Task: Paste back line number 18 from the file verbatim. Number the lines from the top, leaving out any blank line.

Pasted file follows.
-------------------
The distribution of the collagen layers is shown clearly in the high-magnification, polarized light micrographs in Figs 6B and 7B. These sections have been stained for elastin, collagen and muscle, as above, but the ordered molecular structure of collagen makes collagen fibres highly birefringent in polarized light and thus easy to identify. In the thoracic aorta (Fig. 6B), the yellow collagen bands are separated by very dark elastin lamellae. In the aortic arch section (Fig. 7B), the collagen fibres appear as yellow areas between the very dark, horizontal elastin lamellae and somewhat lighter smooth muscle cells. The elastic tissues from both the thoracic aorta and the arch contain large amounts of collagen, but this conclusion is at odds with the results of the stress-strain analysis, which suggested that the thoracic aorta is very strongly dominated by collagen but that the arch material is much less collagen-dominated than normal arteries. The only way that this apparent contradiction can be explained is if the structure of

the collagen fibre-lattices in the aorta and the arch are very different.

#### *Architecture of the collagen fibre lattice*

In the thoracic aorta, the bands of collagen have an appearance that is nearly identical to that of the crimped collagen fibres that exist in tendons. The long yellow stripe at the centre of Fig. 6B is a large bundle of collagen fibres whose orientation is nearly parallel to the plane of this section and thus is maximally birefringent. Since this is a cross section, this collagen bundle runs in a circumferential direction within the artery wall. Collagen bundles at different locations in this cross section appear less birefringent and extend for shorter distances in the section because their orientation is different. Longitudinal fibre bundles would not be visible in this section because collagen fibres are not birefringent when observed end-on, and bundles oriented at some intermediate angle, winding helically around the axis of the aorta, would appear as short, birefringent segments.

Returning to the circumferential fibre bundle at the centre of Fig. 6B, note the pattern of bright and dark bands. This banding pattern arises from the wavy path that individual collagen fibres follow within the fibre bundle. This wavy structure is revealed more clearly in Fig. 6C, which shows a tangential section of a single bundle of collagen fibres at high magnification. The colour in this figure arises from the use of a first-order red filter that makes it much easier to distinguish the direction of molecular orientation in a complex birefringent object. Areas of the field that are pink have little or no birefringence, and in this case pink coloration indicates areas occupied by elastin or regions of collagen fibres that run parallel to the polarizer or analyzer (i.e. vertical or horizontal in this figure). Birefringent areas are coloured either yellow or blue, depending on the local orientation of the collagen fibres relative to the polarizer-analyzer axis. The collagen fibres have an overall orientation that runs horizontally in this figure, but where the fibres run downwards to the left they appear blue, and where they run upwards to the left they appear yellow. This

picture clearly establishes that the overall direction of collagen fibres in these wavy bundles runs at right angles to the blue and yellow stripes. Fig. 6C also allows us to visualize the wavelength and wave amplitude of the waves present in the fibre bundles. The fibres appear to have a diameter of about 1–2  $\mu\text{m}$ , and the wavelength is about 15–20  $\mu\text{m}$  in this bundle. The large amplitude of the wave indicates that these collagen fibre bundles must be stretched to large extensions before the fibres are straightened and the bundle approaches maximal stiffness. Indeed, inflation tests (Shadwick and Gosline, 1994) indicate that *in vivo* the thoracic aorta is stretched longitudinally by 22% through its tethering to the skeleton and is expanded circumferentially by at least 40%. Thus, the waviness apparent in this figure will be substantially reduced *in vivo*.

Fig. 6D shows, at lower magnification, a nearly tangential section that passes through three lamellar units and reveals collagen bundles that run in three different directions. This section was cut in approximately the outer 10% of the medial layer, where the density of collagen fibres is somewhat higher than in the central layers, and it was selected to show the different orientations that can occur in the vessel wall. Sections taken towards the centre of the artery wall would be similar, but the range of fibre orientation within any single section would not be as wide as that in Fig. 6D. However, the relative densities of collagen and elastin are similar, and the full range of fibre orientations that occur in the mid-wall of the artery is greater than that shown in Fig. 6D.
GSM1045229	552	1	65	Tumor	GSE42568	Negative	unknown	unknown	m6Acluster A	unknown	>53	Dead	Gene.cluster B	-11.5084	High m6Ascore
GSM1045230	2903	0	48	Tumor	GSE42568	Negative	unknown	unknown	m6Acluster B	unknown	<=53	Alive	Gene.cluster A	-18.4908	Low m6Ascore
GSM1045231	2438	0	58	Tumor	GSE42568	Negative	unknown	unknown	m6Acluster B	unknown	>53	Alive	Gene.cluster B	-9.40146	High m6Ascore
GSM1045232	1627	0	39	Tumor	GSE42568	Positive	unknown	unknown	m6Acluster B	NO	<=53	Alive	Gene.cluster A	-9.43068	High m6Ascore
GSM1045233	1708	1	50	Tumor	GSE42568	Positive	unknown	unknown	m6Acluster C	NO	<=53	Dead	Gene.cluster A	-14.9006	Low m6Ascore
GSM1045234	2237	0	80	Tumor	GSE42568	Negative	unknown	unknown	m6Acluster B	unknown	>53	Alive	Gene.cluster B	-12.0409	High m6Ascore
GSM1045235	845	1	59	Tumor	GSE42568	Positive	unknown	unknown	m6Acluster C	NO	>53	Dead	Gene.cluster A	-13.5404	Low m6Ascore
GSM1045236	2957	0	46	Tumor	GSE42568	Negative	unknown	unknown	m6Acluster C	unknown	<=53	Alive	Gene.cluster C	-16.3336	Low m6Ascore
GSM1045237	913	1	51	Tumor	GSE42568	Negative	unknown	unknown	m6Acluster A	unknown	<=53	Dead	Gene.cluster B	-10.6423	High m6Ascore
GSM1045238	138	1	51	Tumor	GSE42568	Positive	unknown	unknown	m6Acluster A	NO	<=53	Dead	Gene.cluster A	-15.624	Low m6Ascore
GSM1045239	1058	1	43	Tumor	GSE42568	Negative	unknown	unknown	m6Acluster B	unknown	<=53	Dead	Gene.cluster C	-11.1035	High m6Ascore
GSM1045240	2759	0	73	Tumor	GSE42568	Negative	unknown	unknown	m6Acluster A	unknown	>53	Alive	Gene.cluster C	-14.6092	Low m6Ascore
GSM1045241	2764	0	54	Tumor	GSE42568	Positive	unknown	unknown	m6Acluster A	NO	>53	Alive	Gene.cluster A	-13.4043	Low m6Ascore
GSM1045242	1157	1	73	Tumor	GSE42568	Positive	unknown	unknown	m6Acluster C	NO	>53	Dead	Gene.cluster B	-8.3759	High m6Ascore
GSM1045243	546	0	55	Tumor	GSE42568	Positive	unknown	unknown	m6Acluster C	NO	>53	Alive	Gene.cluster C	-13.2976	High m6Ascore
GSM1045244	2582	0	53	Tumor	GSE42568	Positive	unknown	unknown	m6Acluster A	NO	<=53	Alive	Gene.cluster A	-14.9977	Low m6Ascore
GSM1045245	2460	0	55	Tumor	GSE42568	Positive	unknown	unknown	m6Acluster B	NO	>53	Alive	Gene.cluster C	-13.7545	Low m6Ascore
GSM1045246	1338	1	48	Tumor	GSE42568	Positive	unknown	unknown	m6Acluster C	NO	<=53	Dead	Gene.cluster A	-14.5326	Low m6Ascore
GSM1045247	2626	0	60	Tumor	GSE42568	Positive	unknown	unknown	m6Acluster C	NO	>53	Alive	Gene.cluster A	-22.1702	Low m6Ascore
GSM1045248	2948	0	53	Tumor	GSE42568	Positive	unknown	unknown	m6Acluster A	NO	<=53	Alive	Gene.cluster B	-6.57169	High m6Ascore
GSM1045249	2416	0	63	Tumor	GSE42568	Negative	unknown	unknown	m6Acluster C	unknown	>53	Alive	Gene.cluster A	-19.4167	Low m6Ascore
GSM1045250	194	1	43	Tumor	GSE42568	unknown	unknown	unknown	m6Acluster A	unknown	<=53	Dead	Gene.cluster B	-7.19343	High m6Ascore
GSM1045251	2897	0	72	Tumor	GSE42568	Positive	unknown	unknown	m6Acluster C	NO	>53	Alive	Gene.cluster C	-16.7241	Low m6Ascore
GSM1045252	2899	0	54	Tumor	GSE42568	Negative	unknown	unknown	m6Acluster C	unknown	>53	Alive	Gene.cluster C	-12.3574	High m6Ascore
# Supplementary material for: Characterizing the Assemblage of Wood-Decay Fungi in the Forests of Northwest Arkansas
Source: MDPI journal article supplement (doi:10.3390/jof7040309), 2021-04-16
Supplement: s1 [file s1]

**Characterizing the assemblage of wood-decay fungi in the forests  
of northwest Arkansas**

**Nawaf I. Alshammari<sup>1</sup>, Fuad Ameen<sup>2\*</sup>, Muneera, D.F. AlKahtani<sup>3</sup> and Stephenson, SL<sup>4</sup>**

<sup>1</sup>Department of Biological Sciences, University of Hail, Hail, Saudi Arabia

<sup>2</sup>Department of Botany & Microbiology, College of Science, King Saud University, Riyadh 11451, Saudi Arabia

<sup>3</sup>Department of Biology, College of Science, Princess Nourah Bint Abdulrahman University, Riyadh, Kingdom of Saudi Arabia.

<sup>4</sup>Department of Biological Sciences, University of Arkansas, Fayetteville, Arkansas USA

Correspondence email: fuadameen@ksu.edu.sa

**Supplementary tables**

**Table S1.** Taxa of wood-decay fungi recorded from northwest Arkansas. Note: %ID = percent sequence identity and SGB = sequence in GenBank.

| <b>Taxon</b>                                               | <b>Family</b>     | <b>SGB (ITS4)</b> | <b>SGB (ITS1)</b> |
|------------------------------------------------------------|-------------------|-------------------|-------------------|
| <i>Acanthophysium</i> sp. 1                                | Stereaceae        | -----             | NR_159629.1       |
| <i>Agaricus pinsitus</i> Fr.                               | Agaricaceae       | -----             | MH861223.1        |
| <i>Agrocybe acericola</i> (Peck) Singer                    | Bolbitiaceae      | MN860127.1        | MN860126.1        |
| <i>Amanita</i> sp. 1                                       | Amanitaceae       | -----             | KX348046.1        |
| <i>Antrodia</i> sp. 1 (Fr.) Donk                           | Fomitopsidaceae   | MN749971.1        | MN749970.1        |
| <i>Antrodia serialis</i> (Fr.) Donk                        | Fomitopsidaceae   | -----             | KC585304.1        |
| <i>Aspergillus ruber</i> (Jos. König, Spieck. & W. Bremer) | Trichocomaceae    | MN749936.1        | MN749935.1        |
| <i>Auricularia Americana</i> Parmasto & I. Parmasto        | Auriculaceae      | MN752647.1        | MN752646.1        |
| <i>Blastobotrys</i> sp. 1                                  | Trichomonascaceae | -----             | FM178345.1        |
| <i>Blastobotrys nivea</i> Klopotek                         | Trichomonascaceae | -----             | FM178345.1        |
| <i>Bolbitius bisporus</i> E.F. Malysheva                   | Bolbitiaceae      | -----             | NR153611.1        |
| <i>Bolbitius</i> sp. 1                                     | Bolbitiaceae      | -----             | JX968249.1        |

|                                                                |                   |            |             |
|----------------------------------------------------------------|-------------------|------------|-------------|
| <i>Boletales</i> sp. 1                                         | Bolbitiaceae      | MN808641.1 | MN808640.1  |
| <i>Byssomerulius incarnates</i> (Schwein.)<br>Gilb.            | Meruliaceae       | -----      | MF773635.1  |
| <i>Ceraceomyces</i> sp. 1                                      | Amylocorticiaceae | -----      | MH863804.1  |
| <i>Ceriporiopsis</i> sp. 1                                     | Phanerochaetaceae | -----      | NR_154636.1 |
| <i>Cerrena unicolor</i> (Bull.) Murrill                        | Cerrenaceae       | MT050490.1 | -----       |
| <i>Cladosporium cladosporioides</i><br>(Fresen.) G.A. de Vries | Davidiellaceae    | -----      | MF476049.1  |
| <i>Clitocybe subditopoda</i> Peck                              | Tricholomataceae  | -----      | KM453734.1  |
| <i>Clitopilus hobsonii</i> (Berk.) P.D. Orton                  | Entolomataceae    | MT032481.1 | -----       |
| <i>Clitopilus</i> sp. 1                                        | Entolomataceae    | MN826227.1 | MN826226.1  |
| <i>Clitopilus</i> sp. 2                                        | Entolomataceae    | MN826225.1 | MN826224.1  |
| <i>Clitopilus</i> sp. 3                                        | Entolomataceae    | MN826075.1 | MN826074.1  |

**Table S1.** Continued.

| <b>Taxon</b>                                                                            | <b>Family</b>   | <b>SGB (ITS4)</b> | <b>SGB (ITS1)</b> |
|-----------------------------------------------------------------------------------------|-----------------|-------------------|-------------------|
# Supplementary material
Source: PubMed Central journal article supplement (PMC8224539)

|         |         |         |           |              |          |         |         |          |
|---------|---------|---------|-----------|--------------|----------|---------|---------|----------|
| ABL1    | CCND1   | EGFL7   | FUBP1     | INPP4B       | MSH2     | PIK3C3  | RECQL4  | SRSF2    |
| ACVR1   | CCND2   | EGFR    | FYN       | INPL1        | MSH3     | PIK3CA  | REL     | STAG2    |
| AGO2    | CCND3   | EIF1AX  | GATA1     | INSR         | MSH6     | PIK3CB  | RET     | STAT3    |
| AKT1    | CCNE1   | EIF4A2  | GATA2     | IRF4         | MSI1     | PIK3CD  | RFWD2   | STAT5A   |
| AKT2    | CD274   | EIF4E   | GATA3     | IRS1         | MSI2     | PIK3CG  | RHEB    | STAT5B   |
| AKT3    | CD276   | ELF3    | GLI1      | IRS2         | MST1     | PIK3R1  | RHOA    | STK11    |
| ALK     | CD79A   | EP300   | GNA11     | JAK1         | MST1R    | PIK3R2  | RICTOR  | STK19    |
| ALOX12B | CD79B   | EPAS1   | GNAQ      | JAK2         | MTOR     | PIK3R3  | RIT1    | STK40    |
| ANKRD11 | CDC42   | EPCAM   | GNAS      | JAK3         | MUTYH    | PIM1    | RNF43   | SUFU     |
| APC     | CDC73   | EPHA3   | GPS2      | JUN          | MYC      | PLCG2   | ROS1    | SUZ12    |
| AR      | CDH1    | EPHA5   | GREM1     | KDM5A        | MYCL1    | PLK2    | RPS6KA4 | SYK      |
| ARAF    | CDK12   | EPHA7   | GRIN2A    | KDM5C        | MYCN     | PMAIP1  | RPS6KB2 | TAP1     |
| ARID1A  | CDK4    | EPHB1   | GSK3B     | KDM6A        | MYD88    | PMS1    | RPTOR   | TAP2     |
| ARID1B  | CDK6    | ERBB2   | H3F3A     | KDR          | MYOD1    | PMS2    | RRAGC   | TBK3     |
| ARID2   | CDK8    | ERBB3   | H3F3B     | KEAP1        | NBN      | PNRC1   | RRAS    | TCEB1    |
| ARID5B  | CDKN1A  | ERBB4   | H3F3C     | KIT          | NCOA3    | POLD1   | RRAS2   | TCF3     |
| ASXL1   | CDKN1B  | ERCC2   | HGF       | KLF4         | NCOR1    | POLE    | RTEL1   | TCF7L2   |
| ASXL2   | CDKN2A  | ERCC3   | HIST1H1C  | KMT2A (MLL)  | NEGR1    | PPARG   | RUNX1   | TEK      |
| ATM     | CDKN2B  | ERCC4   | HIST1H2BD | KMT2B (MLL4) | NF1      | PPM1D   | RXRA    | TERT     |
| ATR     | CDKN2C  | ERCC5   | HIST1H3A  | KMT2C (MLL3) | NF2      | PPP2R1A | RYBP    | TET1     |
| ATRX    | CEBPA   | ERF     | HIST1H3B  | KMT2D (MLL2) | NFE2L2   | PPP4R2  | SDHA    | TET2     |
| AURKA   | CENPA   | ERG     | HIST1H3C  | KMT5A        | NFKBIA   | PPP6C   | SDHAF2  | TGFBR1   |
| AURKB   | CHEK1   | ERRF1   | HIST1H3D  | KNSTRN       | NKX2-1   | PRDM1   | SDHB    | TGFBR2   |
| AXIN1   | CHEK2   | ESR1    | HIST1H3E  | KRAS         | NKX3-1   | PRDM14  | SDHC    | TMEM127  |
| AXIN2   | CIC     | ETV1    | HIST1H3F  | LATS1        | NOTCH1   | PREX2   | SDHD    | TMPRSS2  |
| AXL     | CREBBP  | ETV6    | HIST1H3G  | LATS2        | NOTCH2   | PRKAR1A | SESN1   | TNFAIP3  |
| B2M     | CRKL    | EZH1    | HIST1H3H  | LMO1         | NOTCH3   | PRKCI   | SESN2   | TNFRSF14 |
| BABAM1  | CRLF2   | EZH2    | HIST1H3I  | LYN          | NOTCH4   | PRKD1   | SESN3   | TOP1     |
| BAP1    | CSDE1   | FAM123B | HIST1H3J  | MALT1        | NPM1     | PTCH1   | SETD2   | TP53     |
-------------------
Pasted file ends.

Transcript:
GSM1045239	1058	1	43	Tumor	GSE42568	Negative	unknown	unknown	m6Acluster B	unknown	<=53	Dead	Gene.cluster C	-11.1035	High m6Ascore